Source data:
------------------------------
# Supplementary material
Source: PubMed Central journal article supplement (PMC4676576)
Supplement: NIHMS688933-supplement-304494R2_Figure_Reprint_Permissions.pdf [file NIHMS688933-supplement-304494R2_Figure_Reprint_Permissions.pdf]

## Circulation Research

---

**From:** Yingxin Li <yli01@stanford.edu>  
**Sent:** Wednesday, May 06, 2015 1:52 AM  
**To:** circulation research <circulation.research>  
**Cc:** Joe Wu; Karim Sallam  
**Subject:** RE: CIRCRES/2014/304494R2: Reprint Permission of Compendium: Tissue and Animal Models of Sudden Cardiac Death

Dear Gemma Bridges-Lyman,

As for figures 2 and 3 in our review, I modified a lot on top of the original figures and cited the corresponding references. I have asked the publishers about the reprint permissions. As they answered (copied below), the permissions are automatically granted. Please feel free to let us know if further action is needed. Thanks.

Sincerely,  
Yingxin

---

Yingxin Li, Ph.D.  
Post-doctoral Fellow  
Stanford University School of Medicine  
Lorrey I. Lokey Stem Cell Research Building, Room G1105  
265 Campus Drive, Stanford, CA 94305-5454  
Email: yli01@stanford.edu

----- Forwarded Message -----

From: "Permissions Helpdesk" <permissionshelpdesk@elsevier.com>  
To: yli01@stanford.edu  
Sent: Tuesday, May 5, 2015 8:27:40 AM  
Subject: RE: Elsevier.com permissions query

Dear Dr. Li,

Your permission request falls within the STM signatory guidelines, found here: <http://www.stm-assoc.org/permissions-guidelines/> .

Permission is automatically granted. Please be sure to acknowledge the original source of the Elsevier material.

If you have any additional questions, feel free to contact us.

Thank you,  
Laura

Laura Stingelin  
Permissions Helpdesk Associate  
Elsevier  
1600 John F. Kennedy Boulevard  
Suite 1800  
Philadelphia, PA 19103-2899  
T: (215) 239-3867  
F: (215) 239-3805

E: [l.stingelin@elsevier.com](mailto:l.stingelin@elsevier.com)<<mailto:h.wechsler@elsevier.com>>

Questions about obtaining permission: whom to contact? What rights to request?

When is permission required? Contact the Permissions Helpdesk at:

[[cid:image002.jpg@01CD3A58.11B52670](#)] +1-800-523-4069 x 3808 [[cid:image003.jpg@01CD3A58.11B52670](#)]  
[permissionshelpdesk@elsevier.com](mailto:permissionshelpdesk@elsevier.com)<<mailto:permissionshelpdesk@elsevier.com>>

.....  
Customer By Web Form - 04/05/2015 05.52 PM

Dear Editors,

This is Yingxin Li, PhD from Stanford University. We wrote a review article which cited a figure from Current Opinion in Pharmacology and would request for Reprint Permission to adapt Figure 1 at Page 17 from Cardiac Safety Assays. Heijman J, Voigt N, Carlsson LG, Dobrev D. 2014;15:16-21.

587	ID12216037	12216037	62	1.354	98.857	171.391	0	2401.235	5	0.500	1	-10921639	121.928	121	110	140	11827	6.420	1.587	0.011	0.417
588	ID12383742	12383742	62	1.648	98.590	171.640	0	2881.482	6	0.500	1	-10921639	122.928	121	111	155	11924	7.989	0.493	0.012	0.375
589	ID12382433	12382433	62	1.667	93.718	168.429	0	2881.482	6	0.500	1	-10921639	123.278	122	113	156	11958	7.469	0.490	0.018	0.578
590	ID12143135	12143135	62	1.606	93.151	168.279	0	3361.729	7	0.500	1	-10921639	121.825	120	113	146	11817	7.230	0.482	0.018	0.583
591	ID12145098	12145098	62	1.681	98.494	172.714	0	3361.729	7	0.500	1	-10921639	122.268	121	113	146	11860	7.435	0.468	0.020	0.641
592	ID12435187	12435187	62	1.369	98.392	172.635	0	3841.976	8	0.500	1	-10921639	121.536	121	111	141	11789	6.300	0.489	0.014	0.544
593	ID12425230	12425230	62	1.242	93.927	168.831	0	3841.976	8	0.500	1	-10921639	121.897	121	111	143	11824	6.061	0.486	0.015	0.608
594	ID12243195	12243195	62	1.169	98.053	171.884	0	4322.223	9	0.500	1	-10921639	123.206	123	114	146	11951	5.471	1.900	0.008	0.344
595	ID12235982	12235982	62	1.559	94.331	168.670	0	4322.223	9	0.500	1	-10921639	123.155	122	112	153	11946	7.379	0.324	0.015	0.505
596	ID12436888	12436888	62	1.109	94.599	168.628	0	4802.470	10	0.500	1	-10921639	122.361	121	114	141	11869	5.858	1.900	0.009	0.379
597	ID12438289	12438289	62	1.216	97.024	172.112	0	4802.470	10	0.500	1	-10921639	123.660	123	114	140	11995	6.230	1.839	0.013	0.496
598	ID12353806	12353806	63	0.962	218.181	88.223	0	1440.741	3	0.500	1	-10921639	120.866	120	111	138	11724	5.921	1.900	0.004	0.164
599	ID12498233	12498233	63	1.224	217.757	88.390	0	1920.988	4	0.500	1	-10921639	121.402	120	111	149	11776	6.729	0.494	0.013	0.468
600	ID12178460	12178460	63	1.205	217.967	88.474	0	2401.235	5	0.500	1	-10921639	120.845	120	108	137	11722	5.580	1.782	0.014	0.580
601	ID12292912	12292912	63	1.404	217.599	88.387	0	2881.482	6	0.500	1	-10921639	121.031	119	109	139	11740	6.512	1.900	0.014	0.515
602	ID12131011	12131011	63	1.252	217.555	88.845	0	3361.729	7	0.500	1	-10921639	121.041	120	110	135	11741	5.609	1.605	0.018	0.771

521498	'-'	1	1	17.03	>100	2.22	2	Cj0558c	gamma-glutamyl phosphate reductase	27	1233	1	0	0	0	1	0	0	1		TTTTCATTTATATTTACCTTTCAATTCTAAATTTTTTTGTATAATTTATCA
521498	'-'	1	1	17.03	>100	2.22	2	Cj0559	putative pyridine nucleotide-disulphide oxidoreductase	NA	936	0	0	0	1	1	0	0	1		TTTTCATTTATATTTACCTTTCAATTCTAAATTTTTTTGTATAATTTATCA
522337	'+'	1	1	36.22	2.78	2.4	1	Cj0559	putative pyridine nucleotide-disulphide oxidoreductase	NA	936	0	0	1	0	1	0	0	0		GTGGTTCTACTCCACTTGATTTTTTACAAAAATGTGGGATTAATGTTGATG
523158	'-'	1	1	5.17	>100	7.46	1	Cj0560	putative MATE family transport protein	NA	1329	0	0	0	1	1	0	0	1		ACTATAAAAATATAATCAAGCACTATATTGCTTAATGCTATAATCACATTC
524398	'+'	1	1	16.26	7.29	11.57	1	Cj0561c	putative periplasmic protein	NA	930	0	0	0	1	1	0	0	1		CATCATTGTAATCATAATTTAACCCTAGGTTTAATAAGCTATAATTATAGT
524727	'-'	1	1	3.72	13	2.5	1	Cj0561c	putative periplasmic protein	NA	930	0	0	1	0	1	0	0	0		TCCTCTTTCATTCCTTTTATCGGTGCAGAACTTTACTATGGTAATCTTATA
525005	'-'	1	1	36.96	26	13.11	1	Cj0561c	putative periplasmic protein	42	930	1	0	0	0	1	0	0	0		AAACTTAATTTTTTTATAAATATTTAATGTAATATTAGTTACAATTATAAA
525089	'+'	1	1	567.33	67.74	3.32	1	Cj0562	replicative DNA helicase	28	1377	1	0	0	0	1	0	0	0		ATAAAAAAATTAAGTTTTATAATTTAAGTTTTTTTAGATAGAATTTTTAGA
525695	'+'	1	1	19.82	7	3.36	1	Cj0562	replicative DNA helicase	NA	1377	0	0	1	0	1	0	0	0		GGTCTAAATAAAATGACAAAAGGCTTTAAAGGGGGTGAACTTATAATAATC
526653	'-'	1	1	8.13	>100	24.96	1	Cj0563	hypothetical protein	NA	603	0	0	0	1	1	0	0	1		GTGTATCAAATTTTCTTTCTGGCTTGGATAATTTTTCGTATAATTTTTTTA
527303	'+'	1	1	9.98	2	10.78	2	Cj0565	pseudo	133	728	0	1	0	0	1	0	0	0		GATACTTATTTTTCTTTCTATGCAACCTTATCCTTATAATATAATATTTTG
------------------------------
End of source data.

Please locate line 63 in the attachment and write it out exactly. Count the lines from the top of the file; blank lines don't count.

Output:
600	ID12178460	12178460	63	1.205	217.967	88.474	0	2401.235	5	0.500	1	-10921639	120.845	120	108	137	11722	5.580	1.782	0.014	0.580